An Eye-opening Experience

The curiosity in the kid’s eyes and their expressions were absolutely priceless when we began our lesson on reproduction. I forget what it was like to learn about the topic and how fascinating it was…I forget how many questions I had and how clear everything eventually became. The lesson involved puberty and the changes that occur in both boys and girls, the anatomy of male and female reproductive systems, FGM, and male circumcision. We decided to separate the boys from the girls to teach them about both genders to provide an environment where the students felt more comfortable asking questions. We also had Zak instruct the boys on his own and us girls instruct the female students. When it was time to teach the boys about the female reproductive system, Del went in to help out. The students at Kunzugu presented us with very insightful questions and participated really well throughout the lesson. We finished off the unit on Monday with a Jeopardy style quiz game to see how well they retained the information from Friday’s lesson. They proved to remember the information very well and the winning team got Manitoba pins, which the kids were very much excited about. The unit went well at Rubana as well; however, the students are a little bit younger and are less mature so there were a lot of giggles throughout the class. They did not have many questions at all but what 13-year-old feels comfortable talking about that kind of stuff in front of their classmates? I sure didn’t. All we can hope for is that the information translated and they learned something new.

The power was out yesterday, which is somewhat of a regular occurrence in Tanzania. It seems as though it is due to line maintenance. There is usually an announcement the day before informing the public that the power will be out from approximately 9am-6pm. Hurray for propane! Although we did need to write out our lesson plans by hand and had to endure a day without Internet. We filled our time by going for a nice afternoon walk for tomatoes. There are little vegetable stands everywhere in Bunda, many of which that sell tomatoes, onions, and sardines. Being the “smart”, pale Canadians that we are, we wanted to get our tan on and figured that a 20 minute walk at the hottest part of the day, near the equator would be harmless without sunscreen on…yep, it’s safe to say we’re idiots. We all got burned except for Ginny. It literally still looks like I’m wearing my bag over my shoulder.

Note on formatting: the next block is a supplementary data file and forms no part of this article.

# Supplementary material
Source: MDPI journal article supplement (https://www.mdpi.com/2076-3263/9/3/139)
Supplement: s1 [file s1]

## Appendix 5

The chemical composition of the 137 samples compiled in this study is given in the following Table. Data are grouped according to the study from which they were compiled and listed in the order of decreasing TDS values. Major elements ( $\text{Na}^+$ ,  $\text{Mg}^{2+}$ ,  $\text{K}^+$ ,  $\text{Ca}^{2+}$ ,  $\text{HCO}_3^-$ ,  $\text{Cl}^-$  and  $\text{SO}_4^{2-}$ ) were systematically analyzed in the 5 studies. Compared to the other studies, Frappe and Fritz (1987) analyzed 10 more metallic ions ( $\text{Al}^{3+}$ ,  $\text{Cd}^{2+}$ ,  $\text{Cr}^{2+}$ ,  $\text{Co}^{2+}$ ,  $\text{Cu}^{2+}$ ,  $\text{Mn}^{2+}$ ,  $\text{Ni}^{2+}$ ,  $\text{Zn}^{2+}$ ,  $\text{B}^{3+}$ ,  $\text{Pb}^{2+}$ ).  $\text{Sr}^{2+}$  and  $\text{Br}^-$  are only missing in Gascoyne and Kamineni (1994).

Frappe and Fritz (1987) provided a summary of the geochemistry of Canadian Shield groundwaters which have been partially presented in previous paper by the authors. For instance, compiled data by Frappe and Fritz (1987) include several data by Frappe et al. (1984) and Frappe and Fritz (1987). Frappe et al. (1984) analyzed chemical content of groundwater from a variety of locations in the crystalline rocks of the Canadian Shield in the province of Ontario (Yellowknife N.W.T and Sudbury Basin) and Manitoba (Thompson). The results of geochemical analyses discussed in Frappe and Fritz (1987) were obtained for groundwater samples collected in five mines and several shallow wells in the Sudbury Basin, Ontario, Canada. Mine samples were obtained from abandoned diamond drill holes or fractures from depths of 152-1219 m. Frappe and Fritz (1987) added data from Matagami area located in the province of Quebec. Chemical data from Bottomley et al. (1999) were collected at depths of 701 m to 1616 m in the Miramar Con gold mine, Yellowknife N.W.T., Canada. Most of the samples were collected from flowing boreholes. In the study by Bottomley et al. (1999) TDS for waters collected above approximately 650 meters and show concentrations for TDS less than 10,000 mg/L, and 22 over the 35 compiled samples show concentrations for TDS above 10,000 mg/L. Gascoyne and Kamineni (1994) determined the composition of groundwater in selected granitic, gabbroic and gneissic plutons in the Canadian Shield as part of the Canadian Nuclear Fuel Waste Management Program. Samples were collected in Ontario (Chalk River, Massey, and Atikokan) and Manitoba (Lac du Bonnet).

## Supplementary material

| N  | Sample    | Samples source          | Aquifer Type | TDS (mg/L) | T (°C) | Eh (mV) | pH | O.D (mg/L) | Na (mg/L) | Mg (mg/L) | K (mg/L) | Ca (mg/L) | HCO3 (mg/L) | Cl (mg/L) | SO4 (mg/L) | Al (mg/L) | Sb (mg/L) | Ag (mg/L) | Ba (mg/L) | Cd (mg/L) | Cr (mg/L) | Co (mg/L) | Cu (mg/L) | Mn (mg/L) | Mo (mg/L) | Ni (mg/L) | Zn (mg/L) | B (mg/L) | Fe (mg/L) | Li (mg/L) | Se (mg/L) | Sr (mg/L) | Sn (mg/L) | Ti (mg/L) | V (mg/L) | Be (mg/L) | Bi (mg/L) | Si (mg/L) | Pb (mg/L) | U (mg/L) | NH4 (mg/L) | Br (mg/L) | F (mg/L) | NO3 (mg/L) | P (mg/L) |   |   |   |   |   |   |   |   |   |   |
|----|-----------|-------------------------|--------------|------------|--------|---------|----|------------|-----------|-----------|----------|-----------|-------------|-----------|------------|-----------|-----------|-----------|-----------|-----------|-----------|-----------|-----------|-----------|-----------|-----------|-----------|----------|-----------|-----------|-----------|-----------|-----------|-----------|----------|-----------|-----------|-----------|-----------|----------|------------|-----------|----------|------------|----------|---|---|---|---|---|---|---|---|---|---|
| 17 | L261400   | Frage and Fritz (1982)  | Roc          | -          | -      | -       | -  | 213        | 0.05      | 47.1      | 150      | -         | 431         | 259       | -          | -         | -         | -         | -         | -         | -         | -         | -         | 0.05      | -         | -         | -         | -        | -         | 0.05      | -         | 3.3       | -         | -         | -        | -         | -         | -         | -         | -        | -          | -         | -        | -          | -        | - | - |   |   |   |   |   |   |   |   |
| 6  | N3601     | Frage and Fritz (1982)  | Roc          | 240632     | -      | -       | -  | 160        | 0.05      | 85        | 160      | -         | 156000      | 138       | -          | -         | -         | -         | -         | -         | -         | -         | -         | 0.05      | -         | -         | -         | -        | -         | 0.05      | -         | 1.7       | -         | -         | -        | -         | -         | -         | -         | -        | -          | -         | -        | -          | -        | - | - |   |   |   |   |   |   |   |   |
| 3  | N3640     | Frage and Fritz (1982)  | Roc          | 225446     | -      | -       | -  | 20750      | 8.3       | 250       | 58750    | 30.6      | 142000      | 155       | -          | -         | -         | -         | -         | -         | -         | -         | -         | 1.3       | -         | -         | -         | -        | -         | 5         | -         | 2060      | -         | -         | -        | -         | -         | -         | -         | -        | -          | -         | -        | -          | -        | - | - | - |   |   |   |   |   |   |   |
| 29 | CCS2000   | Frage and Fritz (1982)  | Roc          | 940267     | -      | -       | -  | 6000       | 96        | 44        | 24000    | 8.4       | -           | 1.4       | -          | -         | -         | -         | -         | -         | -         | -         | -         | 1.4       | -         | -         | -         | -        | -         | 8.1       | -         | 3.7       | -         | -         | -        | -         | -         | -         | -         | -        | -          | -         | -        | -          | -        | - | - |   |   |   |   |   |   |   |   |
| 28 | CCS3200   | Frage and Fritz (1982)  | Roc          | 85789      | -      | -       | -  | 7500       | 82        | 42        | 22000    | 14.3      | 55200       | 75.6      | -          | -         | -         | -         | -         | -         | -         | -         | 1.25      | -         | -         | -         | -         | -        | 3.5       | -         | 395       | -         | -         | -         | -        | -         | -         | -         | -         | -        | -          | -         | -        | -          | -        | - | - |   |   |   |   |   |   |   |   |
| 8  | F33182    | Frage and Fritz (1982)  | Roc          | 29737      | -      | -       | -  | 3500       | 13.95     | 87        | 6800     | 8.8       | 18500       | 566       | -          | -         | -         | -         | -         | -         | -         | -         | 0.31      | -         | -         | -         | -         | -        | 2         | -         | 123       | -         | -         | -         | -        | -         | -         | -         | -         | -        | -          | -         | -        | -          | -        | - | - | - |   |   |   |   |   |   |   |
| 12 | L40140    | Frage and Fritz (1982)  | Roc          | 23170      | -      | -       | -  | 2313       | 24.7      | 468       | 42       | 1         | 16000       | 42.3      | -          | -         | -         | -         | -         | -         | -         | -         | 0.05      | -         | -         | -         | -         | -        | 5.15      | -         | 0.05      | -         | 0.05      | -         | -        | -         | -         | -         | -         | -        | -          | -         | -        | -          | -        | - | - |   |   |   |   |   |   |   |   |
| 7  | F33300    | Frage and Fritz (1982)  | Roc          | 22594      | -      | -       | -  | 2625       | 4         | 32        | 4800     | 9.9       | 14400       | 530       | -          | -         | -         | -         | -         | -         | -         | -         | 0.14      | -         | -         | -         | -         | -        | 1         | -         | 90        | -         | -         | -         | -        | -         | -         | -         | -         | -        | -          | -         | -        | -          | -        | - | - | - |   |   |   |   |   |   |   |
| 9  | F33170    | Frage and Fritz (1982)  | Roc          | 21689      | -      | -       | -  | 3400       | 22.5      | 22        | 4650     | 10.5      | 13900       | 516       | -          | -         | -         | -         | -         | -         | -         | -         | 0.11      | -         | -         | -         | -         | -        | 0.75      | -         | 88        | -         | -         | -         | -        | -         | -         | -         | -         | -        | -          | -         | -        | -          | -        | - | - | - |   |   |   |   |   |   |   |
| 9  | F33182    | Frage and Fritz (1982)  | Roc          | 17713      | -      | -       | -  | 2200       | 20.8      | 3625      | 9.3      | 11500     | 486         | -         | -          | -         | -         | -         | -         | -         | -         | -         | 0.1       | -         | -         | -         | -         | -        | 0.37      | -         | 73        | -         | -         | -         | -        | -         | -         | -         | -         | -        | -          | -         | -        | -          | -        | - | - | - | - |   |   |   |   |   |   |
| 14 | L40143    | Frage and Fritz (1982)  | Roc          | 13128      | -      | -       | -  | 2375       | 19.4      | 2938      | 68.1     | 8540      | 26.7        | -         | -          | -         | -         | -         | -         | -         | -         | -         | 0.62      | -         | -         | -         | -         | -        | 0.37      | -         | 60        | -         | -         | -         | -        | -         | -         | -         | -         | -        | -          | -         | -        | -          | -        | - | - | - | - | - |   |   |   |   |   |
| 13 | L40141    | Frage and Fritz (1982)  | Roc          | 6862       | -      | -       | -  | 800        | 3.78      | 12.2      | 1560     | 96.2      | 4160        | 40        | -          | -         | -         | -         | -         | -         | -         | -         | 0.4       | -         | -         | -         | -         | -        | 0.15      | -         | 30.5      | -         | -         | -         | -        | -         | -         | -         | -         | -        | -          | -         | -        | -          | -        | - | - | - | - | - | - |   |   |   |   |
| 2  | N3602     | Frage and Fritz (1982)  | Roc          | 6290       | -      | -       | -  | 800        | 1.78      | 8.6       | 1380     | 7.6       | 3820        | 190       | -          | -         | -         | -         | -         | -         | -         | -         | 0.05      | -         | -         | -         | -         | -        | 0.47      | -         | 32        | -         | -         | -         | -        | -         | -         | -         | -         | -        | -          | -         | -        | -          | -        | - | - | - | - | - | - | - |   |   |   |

Yesterday’s lesson at Kunzugu included the different ways of being safe when engaging in sexual activities. CPAR even provided us with a penis model. Zak bravely demonstrated to the class by use of the model how to properly use a condom and Del even stepped up to demonstrate how to turn a condom into a dental dam! The students were astounded by such demonstrations and once again blew our minds with excellent questions. We finished the day with some class photos and handed out condoms to each of the students.

Ginny and I helped Lucy prepare dinner last night and are now experts at making masala sauce and ugali. She’s going to show us different ways to prepare sweet potatoes and how to carry a baby on our backs with just a piece of fabric. She’s literally Superwoman. I’ve never seen someone multitask but yet conduct herself in such a joyful and calm manner, all the time. We’ve grown quite fond of her and her husband Manyama and of course their 7-month-old son Faustine.ImageImage

Asante to our magnificent hosts



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